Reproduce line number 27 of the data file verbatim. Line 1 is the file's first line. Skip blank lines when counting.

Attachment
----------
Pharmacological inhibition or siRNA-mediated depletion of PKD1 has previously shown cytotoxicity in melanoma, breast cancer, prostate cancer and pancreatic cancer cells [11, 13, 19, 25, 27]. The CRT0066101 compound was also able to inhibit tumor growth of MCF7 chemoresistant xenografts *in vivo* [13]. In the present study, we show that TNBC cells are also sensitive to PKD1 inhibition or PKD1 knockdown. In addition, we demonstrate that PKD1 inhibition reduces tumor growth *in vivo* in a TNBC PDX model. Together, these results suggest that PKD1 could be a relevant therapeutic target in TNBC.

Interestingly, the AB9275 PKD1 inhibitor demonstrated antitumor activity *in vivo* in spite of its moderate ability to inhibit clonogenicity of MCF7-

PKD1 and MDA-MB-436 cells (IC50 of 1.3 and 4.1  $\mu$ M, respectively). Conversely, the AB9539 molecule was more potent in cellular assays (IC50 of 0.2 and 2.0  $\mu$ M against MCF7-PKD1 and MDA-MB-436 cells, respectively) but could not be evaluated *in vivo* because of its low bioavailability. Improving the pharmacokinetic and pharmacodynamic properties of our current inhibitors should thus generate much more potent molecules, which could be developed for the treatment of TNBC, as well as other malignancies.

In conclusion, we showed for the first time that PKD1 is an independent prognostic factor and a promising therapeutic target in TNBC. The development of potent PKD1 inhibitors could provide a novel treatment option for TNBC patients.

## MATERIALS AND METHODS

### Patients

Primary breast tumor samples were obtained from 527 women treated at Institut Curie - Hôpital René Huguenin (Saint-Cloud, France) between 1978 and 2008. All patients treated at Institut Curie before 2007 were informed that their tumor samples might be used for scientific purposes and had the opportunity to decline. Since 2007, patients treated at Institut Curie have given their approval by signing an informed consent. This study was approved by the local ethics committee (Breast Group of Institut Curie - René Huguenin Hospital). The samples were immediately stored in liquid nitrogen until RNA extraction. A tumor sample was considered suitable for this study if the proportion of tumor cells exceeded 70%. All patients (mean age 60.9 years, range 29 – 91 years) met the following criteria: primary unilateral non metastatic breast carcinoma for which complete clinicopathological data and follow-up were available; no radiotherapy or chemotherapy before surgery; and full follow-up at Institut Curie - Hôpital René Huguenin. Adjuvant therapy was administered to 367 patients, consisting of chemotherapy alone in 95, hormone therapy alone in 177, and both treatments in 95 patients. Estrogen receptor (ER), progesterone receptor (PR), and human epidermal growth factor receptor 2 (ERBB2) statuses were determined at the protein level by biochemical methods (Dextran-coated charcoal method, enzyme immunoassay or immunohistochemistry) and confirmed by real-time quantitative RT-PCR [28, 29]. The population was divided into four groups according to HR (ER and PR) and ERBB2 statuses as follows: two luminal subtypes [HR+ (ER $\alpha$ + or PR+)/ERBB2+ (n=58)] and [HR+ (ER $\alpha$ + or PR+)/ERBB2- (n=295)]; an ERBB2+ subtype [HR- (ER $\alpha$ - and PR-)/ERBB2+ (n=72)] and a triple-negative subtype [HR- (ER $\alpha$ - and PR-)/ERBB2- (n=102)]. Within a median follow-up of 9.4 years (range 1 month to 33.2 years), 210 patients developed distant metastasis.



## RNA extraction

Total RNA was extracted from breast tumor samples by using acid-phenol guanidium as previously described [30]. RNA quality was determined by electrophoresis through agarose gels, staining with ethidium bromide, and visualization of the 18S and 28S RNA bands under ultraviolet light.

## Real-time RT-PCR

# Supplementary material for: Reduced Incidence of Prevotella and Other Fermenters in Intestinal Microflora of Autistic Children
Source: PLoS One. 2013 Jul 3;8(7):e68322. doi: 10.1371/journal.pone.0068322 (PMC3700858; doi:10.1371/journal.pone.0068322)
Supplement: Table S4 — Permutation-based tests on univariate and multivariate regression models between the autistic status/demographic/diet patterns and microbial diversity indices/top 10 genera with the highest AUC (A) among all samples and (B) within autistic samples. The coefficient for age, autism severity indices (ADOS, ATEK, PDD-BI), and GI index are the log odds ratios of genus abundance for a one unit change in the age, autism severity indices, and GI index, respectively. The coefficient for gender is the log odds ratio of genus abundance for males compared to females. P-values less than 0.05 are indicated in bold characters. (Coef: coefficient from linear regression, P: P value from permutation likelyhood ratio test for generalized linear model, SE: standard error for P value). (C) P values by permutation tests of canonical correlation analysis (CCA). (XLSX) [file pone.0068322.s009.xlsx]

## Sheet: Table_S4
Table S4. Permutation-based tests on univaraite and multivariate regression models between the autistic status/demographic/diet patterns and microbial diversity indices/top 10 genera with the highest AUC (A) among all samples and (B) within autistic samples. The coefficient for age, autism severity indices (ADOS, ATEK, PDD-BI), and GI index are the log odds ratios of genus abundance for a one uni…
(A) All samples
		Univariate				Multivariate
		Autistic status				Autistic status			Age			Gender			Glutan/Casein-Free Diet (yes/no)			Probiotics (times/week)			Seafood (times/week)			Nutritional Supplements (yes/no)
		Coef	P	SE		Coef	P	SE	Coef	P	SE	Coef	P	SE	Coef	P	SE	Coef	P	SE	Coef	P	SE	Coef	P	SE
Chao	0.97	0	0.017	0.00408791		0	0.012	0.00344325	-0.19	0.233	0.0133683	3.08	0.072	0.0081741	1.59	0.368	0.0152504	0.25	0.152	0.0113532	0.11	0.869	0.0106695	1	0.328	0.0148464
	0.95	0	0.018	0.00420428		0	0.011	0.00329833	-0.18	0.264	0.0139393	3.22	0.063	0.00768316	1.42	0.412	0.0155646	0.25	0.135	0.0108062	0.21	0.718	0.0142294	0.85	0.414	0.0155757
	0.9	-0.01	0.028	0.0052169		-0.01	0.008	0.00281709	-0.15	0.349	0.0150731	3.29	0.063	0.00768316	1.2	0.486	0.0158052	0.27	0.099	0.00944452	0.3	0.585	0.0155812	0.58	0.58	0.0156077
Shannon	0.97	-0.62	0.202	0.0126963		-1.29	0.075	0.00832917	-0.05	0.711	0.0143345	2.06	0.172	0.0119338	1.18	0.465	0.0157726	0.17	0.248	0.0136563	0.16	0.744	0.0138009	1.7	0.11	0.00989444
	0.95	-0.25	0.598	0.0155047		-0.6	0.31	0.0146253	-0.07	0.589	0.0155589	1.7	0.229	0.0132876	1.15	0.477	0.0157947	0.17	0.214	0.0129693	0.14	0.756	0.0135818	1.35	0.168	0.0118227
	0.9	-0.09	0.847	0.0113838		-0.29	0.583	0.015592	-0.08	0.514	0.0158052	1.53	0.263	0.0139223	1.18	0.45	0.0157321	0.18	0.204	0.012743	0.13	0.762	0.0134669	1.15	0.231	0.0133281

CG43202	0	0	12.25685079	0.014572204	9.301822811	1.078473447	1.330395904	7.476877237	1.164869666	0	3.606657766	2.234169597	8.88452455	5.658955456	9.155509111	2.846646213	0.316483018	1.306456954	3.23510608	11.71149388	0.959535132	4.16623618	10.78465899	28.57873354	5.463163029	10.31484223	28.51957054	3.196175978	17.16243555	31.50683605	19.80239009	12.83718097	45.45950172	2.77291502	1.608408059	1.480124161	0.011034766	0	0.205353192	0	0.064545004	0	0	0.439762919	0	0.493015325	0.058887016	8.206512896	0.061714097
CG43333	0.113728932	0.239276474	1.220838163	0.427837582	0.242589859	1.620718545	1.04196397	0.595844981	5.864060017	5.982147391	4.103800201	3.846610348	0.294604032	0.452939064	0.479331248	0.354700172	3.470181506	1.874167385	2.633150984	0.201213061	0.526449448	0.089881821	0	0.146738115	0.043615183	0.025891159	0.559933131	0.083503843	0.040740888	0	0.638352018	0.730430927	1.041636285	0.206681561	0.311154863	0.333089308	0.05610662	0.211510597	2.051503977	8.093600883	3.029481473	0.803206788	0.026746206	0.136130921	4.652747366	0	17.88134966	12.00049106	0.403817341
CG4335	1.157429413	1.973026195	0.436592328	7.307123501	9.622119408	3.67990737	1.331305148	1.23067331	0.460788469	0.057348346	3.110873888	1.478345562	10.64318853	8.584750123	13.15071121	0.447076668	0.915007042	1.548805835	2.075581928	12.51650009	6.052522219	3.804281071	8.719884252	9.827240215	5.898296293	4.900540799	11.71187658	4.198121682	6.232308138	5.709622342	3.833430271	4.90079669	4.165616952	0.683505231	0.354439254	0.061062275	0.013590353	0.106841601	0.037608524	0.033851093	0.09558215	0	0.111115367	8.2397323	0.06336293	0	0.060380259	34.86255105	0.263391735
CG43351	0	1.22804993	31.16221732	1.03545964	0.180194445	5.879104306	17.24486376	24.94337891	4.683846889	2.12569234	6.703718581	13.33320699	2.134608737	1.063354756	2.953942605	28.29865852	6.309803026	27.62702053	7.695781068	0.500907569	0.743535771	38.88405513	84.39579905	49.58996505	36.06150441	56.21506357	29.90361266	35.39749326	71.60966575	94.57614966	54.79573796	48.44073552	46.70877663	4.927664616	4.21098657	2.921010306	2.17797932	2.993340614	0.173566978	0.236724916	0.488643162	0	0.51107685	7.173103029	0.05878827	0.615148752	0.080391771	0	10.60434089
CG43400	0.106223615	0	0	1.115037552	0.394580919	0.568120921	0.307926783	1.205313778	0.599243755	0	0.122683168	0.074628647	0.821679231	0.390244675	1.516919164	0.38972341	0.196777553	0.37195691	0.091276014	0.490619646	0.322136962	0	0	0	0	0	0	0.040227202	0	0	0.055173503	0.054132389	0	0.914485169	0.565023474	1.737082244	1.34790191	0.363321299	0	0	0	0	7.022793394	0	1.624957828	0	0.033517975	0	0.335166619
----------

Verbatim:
CG43333	0.113728932	0.239276474	1.220838163	0.427837582	0.242589859	1.620718545	1.04196397	0.595844981	5.864060017	5.982147391	4.103800201	3.846610348	0.294604032	0.452939064	0.479331248	0.354700172	3.470181506	1.874167385	2.633150984	0.201213061	0.526449448	0.089881821	0	0.146738115	0.043615183	0.025891159	0.559933131	0.083503843	0.040740888	0	0.638352018	0.730430927	1.041636285	0.206681561	0.311154863	0.333089308	0.05610662	0.211510597	2.051503977	8.093600883	3.029481473	0.803206788	0.026746206	0.136130921	4.652747366	0	17.88134966	12.00049106	0.403817341